The unique theatre marathon of 51st Bitef, presented seven performances with the overall duration of 40 hours. The Prologue Day brought the legendary performance Quizoola! by the British troupe Forced Entertainment, which lasted six hours and introduced this Bitef’s main art theme: durational performances. The principle of leaving and re-entering, typical of this type of performance, was thus established right from the start and it worked out without any problems. Since Quizoola! is played for only seventy people at a time, this principle made it possible for it to be seen by many more than that, thus making the festival more “democratic”.
The performance which attracted most attention was Jan Fabre’s Mount Olympus: to Glorify the Cult of Tragedy - 24-hour performance, which had already been named the corner stone in the history of contemporary theatre. The viewers of the Third programme of the National Television of Serbia had an opportunity to watch a continuous live broadcast of the performance which sparked off a debate among the professionals and general population, not only in the country but also abroad. According to some estimates, there were more than 2000 people who watched the performance in Sava Centre, although the initial plan envisioned only 1300. The TV broadcast was followed by 220,000 viewers, which was a record for the Third programme, which resulted in an amazing rise in its rating. The performances has been widely discussed - the “critiques” on social networks were mostly focused on nudity, and were, interestingly, opposed by a Serbian Orthodox Church representative, deacon Nenad Ilić, who wrote: “… The recording of this remarkable performance should be shown at the Faculty of Theology…” Artistic and social importance of the fact that this performance visited Bitef and Belgrade, and its live streaming, was recognized by the critics: the weekly magazine published the article “Theatre is Very Important Again” which states: “If we are to judge by the first half of the festival, Belgrade seems to be experiencing an amazing and uncompromising cultural influence which introduces a significant change”.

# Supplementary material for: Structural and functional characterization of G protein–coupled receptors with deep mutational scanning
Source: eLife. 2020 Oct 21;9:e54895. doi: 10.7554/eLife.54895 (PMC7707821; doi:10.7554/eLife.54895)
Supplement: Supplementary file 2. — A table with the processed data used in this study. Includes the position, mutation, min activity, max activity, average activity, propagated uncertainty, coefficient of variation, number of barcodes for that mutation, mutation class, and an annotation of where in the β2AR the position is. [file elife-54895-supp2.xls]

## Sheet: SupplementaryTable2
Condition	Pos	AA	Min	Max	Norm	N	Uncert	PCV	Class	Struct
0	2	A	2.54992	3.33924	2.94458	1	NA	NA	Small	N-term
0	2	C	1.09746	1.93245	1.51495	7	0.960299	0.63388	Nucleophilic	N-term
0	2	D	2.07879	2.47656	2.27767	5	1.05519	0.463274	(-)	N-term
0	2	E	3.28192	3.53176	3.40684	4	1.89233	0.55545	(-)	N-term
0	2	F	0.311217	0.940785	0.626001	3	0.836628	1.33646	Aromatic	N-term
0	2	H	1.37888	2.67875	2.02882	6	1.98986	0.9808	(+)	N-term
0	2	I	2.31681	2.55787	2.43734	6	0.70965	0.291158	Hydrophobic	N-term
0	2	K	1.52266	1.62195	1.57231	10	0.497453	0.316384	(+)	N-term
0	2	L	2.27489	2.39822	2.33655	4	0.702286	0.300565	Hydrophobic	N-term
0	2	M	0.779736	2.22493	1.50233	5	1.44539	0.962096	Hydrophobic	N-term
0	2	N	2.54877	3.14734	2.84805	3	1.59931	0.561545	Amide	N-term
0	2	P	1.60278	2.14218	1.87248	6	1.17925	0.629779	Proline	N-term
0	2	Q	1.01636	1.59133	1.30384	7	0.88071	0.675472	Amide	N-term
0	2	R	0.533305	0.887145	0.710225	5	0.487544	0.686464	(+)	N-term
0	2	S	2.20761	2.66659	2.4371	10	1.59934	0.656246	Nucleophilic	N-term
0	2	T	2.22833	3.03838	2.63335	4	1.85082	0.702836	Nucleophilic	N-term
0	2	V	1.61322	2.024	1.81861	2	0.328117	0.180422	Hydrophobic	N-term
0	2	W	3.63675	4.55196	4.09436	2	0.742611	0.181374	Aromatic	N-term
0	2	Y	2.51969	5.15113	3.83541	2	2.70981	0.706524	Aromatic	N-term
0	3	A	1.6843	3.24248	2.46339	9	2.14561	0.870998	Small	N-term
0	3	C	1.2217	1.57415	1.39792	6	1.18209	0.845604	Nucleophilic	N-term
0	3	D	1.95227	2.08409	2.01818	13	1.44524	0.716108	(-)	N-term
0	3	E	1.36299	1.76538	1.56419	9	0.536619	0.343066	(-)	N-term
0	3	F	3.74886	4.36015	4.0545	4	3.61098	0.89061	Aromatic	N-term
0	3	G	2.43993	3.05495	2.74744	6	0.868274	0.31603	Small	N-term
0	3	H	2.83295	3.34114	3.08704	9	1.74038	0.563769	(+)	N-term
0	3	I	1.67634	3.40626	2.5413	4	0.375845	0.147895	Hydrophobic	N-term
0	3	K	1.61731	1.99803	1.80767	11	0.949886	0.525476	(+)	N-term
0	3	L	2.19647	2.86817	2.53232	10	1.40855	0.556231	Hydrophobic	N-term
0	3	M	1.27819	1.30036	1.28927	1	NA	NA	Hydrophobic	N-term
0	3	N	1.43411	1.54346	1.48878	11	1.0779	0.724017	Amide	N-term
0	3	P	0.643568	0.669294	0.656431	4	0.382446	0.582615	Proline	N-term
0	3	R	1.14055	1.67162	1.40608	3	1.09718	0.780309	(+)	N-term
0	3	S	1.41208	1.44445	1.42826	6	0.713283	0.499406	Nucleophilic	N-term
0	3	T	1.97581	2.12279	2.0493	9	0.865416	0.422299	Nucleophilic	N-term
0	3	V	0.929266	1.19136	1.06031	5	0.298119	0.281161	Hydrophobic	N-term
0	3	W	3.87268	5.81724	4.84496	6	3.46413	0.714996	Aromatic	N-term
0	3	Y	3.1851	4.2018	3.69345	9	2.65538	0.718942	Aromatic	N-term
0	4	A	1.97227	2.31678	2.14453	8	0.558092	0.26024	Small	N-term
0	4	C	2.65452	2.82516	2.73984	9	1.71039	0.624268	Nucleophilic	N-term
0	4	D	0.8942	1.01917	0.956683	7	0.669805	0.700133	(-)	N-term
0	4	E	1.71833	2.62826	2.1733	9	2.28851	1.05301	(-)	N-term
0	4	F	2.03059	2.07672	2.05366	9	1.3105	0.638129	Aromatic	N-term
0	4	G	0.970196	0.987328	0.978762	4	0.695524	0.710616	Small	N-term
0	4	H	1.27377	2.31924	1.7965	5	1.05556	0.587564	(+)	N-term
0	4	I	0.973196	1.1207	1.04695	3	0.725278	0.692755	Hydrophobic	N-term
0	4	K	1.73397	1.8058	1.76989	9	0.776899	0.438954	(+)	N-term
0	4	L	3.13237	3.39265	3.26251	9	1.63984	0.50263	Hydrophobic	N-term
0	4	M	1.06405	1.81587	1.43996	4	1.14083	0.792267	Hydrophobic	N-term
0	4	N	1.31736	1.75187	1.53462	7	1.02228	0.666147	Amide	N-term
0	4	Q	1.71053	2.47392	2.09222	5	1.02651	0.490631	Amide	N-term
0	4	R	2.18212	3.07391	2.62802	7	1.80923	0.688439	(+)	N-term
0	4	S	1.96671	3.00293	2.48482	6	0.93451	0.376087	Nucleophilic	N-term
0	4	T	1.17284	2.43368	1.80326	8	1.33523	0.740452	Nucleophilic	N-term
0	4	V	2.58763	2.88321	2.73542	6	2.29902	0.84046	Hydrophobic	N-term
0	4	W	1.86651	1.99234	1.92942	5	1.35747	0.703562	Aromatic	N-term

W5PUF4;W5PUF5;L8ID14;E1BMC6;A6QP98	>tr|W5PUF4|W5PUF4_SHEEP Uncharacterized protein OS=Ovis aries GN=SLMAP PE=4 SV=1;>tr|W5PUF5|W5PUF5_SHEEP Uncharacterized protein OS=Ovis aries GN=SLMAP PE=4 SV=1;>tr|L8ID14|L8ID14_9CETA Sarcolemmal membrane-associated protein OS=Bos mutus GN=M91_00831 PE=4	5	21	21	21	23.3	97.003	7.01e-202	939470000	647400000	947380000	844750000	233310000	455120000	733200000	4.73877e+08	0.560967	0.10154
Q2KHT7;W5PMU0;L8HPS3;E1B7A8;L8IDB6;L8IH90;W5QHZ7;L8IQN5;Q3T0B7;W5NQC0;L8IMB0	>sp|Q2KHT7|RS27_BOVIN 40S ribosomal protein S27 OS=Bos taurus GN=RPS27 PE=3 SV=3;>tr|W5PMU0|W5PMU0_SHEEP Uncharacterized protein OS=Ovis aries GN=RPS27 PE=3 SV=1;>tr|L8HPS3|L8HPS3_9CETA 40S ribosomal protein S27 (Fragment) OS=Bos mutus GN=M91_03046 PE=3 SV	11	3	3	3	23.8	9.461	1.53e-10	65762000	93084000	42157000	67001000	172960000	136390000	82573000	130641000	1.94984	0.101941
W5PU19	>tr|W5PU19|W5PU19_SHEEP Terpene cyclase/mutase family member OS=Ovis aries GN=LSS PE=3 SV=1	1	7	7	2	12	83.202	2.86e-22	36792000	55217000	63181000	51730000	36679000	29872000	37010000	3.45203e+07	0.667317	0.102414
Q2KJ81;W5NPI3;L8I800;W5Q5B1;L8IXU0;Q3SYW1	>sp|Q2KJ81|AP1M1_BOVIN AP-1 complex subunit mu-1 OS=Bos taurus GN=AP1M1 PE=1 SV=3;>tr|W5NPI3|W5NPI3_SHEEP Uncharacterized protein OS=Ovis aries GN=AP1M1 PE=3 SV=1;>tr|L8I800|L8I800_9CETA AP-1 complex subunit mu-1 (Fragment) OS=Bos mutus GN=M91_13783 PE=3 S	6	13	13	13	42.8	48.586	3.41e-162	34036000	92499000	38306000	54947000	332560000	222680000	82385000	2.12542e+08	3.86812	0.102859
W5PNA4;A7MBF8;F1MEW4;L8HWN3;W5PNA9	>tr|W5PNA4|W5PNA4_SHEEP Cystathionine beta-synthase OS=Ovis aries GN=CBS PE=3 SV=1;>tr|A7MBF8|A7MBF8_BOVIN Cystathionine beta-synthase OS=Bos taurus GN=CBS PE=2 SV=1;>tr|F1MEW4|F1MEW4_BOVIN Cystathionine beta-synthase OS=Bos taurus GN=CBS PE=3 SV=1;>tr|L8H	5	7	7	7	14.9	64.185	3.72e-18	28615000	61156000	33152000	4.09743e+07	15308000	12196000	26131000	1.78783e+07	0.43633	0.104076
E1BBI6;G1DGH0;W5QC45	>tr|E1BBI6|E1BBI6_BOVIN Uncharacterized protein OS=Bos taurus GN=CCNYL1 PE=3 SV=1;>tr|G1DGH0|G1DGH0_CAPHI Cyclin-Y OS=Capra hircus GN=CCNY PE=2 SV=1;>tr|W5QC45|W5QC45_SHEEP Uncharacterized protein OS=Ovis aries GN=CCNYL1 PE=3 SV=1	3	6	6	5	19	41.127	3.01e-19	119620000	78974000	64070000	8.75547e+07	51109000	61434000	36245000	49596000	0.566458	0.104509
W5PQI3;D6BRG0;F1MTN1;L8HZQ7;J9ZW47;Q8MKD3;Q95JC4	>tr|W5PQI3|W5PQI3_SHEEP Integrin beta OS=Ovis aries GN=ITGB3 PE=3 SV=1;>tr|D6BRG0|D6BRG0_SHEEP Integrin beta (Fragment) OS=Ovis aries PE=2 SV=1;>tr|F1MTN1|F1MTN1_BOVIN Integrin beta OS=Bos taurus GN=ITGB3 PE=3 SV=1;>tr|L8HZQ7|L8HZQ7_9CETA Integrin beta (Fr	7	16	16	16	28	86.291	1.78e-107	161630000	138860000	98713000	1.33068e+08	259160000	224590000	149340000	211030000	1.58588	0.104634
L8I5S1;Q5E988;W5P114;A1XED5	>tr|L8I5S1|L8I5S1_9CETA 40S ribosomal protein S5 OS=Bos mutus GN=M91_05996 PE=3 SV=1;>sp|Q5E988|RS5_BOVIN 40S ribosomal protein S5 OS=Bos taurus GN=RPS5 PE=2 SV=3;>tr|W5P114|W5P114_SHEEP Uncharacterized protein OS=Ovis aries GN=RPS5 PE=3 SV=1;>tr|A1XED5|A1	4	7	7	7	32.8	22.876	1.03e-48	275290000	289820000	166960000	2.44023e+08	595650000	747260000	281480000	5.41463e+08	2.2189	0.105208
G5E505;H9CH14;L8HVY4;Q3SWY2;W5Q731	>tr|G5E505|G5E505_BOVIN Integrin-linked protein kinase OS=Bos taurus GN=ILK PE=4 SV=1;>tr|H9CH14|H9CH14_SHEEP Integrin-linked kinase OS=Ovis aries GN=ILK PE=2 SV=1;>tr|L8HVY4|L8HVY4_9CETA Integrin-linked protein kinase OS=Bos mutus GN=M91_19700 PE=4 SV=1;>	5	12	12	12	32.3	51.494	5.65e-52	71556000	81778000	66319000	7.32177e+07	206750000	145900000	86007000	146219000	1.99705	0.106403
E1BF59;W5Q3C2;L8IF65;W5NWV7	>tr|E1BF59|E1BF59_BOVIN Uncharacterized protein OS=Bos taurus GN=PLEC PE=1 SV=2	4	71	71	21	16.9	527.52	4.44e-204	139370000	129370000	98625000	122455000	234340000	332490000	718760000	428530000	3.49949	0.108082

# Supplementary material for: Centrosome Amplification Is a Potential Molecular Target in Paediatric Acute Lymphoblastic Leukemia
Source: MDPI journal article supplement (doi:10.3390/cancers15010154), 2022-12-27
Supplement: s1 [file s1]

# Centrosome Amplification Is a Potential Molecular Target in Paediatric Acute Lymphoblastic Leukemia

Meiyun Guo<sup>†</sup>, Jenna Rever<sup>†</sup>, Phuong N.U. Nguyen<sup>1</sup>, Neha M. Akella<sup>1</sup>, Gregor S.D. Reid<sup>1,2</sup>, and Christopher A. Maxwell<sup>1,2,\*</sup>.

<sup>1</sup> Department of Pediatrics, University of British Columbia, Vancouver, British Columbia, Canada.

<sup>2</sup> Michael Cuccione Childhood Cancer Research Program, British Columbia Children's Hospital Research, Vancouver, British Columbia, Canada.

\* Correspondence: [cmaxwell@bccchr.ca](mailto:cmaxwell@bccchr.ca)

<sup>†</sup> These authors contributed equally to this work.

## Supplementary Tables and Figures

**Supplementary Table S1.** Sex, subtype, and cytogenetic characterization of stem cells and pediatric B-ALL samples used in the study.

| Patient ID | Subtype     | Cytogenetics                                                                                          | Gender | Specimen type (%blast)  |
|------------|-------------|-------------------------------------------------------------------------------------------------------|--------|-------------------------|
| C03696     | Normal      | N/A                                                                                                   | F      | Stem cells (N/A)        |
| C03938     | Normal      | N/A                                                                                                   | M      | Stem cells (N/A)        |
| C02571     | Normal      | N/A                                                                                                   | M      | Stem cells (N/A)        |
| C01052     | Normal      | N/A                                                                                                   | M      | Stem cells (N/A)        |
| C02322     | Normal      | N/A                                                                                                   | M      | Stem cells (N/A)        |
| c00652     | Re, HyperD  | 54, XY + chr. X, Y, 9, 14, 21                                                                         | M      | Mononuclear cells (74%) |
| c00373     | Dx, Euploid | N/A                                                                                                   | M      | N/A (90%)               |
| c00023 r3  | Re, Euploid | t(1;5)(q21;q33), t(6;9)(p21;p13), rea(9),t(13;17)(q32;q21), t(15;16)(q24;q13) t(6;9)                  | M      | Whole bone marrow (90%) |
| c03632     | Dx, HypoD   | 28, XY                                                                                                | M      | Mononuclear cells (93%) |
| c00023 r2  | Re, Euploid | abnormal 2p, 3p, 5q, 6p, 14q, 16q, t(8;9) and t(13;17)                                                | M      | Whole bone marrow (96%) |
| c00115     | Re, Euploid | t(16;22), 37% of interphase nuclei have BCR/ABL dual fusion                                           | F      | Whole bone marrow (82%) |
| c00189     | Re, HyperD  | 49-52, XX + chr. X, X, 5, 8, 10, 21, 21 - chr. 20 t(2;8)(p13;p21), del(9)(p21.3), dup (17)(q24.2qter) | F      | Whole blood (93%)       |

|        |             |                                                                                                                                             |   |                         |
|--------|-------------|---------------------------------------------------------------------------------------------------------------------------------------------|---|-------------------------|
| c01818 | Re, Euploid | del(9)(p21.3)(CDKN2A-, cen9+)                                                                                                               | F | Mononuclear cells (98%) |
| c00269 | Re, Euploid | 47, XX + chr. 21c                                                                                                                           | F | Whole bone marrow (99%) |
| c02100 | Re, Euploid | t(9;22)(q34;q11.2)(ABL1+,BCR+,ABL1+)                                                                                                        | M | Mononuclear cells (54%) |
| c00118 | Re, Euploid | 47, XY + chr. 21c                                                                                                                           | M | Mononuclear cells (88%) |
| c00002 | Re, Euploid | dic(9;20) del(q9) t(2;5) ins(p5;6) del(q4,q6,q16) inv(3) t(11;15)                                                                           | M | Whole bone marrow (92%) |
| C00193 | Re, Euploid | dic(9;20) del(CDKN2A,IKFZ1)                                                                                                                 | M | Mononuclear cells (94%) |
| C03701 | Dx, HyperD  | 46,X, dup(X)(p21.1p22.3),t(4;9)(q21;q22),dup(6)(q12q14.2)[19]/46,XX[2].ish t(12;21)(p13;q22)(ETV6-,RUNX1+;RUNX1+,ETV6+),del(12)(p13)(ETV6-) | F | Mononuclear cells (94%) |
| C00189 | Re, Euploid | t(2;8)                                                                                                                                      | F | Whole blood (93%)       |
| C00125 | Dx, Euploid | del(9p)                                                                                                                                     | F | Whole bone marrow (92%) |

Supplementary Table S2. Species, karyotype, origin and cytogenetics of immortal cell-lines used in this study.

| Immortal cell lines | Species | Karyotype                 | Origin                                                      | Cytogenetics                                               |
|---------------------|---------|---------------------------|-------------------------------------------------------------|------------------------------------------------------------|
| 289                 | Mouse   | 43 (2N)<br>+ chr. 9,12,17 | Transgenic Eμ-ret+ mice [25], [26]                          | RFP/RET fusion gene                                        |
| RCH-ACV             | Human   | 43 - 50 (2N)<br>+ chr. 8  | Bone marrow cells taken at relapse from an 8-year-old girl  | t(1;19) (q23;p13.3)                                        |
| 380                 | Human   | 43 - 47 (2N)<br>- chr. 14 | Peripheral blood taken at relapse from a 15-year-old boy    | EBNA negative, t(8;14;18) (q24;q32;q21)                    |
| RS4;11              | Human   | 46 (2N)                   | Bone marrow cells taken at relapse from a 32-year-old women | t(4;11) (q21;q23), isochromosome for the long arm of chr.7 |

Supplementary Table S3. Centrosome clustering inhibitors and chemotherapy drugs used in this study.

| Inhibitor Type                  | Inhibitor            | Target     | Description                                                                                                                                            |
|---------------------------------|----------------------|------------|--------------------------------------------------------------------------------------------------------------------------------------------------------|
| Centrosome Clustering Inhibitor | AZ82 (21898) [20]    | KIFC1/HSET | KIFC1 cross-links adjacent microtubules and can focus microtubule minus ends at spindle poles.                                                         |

The respectable British critic, Michael Coveney has written an extensive review of Mount Olympus in “The Guardian”: “The ritual had turned into a party: not one of those spurious knees-ups at the end of a West End compilation musical, but something genuinely communal and atavistic.” Even the tabloid “Daily Mail” in the text “And They Say the Theatre Is Dull!” wrote about the Belgrade performance of Mount Olympus and the TV live streaming, highlighting Bitef’s fame in “experimental performances”. Jan Fabre himself expressed his gratitude to Bitef but also to the National Television, emphasizing the high professional level of the Public Service of Serbia.